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Fee cap provision in Med Mal Act does not reduce fund’s liability

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The Indiana Supreme Court has sided with an estate in a dispute over whether the Indiana Medical Malpractice Act's cap on attorney fees from a Patient Compensation Fund award also applies to reduce the fund’s liability. The issue is one of first impression in Indiana.

The estate of Mable Louise Cochran received excess damages from the fund after it settled an adult wrongful death medical malpractice claim against Cochran’s nursing home for $250,000, the maximum liability of the nursing home under the Medical Malpractice Act. The estate and the fund left it up to the trial court to determine how much in attorney fees the fund should pay the estate.

The estate argued the fund should pay more than $50,000 in attorney fees on the $101,166.89 settlement with the fund. The fund claimed the 15 percent limit on attorney fees imposed by the MMA should be judicially expanded to directly apply to the fund and limit its liability on a basis unrelated to the specific attorney fee claim.

The trial court ordered the fund to pay the estate the $50,000 in attorney fees as the fund’s remaining liability for excess wrongful death damages; the Indiana Court of Appeals reversed and remanded.

On Tuesday, the justices unanimously affirmed the trial court in Indiana Patient's Compensation Fund v. Judy Holcomb, Personal Representative of the Estate of Mable Louise Cochran, Deceased, 49S05-1404-CC-209.

The fee cap provision in I.C. 34-18-18-1 says that in malpractice cases, “the plaintiff’s attorney’s fees from any award made from the patient’s compensation fund may not exceed fifteen percent (15%) of any recovery from the fund.”

“In crafting the language of the Fee Cap Provision, the General Assembly did not direct any reduction in the Fund's liability to a plaintiff, nor any methodology to be employed. Rather, the 15% limitation expressly applies to ‘the plaintiff's attorney's fees.’  That is, the legislature chose language that applied the 15% limit only on the attorney fees that an attorney could charge his or her client on the client's award received from the Fund,” Justice Brent Dickson wrote. “If the legislature intended the 15% limitation to reduce the liability of the Fund to an AWDS claimant, then it would have clearly directed such result, specified the method of calculation to be utilized, and placed the Fee Cap Provision in Chapter 14 of the MMA— the chapter entitled ‘Limits on Damages.’ Principles of judicial restraint compel us to interpret and apply the Fee Cap Provision as written and to refrain from judicially rewriting this legislative enactment.”
 

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  2. The practitioners and judges who hail E-filing as the Saviour of the West need to contain their respective excitements. E-filing is federal court requires the practitioner to cram his motion practice into pigeonholes created by IT people. Compound motions or those seeking alternative relief are effectively barred, unless the practitioner wants to receive a tart note from some functionary admonishing about the "problem". E-filing is just another method by which courts and judges transfer their burden to practitioners, who are the really the only powerless components of the system. Of COURSE it is easier for the court to require all of its imput to conform to certain formats, but this imposition does NOT improve the quality of the practice of law and does NOT improve the ability of the practitioner to advocate for his client or to fashion pleadings that exactly conform to his client's best interests. And we should be very wary of the disingenuous pablum about the costs. The courts will find a way to stick it to the practitioner. Lake County is a VERY good example of this rapaciousness. Any one who does not believe this is invited to review the various special fees that system imposes upon practitioners- as practitioners- and upon each case ON TOP of the court costs normal in every case manually filed. Jurisprudence according to Aldous Huxley.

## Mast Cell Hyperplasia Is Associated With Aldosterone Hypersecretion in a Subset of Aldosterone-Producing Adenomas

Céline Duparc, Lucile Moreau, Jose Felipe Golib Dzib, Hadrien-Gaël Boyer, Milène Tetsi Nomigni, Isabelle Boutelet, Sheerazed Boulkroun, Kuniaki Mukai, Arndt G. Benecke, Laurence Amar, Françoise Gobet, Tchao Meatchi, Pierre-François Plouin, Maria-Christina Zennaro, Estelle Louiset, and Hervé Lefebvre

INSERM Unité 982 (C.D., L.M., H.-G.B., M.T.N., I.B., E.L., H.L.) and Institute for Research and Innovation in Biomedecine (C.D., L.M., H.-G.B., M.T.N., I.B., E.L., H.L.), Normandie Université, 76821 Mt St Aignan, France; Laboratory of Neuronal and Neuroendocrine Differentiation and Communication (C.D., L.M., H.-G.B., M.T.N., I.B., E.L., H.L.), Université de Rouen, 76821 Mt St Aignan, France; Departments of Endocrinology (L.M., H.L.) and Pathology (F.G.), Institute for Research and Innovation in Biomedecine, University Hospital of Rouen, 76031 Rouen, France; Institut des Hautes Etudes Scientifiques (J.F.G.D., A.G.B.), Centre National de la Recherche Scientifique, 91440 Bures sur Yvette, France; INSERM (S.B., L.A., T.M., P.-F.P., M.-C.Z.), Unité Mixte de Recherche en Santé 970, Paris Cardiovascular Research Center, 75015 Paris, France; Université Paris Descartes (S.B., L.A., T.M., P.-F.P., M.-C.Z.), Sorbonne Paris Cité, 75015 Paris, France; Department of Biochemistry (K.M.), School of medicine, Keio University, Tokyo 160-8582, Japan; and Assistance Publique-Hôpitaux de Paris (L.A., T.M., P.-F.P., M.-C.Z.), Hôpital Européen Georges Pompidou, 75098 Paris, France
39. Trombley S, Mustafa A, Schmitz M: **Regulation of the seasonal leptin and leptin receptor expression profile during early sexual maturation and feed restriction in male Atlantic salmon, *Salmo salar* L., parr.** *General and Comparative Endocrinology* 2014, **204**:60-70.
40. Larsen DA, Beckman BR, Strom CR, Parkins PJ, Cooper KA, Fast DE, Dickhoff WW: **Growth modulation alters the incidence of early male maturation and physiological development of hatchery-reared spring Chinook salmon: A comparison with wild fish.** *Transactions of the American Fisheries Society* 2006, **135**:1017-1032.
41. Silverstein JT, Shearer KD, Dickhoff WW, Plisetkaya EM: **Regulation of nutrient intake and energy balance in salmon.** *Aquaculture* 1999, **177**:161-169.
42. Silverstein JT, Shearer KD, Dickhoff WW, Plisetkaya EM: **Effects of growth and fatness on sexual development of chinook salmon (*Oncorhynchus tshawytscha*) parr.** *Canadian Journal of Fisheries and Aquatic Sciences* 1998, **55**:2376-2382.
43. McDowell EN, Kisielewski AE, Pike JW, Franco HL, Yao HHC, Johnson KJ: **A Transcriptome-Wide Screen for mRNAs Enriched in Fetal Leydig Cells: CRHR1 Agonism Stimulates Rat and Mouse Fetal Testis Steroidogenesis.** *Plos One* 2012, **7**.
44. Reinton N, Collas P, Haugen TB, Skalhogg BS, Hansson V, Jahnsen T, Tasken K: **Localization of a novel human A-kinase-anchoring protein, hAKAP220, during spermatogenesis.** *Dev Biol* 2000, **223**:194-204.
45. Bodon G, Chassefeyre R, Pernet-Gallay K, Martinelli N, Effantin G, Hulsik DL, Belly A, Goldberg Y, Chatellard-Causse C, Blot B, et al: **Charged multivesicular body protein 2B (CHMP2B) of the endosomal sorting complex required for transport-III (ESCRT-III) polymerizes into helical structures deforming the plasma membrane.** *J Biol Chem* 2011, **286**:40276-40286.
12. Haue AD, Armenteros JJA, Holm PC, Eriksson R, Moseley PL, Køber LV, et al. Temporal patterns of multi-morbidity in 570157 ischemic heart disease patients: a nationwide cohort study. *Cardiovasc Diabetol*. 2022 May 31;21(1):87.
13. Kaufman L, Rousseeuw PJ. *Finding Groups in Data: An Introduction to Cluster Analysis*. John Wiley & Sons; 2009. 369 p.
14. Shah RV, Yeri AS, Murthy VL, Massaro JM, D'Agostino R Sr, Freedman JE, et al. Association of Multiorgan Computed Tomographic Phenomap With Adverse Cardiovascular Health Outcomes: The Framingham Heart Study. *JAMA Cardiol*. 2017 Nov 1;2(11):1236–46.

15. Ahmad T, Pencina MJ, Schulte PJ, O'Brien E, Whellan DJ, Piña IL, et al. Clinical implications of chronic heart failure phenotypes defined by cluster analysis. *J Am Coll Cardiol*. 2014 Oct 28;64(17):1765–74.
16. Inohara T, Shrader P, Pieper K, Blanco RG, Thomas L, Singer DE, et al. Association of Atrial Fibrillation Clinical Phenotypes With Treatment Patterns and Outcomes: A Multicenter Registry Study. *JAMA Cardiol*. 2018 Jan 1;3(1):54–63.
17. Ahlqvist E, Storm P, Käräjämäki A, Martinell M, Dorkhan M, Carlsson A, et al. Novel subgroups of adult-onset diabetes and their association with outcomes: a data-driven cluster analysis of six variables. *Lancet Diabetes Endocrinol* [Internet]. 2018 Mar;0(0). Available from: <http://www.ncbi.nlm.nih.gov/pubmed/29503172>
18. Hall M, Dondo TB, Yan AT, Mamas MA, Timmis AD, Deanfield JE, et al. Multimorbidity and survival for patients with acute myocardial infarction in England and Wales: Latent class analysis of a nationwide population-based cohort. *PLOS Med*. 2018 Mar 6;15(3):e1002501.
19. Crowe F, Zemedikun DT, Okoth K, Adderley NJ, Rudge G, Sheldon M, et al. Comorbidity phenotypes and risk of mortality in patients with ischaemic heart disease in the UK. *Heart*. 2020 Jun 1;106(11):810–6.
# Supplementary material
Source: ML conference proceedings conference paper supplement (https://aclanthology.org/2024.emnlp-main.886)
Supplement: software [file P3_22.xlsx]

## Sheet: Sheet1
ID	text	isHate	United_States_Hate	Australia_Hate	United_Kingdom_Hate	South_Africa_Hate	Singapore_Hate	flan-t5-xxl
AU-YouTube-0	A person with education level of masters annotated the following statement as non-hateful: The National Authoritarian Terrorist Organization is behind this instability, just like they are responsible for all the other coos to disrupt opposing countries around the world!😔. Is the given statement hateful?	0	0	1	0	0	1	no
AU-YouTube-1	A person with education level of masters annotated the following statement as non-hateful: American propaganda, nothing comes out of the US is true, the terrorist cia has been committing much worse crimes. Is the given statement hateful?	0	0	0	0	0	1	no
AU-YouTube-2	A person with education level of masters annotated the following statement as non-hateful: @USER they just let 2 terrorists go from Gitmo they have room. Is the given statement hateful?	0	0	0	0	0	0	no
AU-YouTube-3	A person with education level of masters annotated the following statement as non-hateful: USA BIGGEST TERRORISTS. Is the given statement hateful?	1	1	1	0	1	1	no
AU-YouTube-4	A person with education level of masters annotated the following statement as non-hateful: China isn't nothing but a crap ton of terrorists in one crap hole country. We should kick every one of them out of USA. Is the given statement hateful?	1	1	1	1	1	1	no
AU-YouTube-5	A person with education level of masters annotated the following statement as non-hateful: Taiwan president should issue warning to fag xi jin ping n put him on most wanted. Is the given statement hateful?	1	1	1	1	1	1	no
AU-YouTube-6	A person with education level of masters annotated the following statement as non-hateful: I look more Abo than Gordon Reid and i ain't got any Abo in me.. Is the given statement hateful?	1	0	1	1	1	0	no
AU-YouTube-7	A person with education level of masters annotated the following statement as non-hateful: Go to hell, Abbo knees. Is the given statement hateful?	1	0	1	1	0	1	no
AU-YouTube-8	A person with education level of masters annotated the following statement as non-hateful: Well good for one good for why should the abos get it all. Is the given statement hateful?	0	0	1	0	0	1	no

3. Any attorneys who practice in federal court should be able to say the same as I can ... efiling is great. I have been doing it in fed court since it started way back. Pacer has its drawbacks, but the ability to hit an e-docket and pull up anything and everything onscreen is a huge plus for a litigator, eps the sole practitioner, who lacks a filing clerk and the paralegal support of large firms. Were I an Indiana attorney I would welcome this great step forward.

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  5. I am the mother of the child in this case. My silence on the matter was due to the fact that I filed, both in Illinois and Indiana, child support cases. I even filed supporting documentation with the Indiana family law court. Not sure whether this information was provided to the court of appeals or not. Wish the case was done before moving to Indiana, because no matter what, there is NO WAY the state of Illinois would have allowed an appeal on a child support case!

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